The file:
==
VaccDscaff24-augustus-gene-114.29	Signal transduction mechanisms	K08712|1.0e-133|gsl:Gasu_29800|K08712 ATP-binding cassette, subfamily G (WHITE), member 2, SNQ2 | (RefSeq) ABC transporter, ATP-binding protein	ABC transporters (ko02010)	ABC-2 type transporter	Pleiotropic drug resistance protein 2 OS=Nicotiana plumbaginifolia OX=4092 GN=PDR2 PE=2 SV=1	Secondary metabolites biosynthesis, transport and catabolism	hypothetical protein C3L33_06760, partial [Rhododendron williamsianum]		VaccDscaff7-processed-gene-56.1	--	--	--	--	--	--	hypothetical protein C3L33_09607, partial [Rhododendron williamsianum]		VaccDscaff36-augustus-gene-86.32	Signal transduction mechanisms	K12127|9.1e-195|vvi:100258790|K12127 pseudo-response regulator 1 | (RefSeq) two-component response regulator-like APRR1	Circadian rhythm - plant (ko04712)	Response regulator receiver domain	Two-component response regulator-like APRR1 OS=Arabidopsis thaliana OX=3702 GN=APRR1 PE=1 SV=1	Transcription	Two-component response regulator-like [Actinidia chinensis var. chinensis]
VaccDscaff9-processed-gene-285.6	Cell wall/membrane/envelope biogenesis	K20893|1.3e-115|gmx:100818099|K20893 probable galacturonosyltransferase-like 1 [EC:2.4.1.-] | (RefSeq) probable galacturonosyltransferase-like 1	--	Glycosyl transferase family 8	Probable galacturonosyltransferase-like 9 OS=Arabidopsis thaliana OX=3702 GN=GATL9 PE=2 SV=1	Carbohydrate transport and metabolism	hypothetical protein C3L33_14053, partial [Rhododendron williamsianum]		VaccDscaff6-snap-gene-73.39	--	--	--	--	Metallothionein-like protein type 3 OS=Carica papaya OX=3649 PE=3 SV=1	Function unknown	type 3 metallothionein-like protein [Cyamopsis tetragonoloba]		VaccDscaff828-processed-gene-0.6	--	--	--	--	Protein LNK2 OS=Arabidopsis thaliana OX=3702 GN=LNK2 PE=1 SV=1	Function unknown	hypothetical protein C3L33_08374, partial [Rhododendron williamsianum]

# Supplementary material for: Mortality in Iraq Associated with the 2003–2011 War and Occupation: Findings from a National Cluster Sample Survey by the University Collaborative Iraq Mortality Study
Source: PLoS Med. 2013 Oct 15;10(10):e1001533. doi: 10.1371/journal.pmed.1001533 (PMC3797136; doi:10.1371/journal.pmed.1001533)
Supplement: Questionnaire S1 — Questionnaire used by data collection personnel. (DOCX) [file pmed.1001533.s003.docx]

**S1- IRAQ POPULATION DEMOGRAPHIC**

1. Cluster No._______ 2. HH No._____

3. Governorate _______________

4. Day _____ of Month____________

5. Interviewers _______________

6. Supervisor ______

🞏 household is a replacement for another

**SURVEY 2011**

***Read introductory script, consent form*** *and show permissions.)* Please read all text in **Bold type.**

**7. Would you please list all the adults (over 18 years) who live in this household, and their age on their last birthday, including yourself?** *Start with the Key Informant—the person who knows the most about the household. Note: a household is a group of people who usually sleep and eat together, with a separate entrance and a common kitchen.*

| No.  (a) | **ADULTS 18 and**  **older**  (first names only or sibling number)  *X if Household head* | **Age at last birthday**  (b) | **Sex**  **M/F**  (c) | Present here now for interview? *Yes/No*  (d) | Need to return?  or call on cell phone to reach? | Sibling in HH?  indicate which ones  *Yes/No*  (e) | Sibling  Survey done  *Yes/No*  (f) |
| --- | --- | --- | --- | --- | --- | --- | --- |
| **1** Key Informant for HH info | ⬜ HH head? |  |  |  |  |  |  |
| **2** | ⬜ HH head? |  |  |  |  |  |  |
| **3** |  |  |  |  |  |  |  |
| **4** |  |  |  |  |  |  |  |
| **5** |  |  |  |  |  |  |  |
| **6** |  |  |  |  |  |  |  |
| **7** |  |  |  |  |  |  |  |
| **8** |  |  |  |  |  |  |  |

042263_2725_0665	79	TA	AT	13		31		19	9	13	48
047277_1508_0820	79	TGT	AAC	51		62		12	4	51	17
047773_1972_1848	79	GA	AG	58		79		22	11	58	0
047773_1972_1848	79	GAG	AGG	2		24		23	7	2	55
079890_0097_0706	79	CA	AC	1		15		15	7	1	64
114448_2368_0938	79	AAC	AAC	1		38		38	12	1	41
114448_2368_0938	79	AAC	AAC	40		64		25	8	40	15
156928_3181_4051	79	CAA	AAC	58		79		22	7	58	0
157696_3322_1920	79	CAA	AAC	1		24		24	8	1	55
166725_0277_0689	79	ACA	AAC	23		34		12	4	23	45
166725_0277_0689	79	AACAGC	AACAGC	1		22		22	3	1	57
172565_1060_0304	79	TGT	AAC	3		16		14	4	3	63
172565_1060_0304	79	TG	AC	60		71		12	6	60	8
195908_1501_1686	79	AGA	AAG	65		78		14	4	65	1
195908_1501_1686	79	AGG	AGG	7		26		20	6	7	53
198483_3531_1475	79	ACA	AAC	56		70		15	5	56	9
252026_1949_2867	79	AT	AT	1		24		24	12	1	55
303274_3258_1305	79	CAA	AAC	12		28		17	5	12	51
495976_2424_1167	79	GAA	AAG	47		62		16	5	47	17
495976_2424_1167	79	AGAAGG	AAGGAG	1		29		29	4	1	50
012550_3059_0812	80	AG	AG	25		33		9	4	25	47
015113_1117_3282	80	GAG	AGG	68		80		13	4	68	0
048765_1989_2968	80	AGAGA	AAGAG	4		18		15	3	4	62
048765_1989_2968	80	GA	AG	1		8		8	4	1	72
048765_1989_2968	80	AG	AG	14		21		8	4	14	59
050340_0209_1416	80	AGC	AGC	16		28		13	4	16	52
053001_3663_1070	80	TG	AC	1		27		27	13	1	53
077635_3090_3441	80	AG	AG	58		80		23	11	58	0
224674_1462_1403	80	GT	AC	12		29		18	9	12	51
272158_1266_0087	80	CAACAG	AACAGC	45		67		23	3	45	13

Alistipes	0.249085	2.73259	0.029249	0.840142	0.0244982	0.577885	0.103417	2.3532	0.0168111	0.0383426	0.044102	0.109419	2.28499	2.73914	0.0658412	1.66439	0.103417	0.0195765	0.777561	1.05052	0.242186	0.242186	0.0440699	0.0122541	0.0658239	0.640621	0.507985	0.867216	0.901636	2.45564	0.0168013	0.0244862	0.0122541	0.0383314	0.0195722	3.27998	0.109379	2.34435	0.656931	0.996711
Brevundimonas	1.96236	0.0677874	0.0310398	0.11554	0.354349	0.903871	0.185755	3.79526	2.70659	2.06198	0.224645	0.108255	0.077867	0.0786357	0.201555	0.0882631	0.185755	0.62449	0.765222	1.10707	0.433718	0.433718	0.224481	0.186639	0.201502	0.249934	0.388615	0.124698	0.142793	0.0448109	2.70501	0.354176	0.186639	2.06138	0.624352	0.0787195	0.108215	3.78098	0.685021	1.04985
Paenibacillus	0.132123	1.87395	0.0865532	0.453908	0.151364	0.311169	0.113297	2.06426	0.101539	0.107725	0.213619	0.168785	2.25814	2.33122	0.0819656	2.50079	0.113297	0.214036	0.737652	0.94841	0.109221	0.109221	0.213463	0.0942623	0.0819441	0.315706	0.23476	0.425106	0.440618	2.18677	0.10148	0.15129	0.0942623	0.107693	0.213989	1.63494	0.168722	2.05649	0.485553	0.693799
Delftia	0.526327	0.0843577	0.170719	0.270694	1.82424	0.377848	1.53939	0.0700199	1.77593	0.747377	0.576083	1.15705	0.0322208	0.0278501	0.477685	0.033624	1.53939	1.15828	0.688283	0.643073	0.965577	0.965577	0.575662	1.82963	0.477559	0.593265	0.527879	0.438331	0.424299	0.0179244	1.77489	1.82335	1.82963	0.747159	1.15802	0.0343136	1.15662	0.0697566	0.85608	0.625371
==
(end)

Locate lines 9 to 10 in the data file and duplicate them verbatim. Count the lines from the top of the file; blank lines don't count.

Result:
4. Day _____ of Month____________

5. Interviewers _______________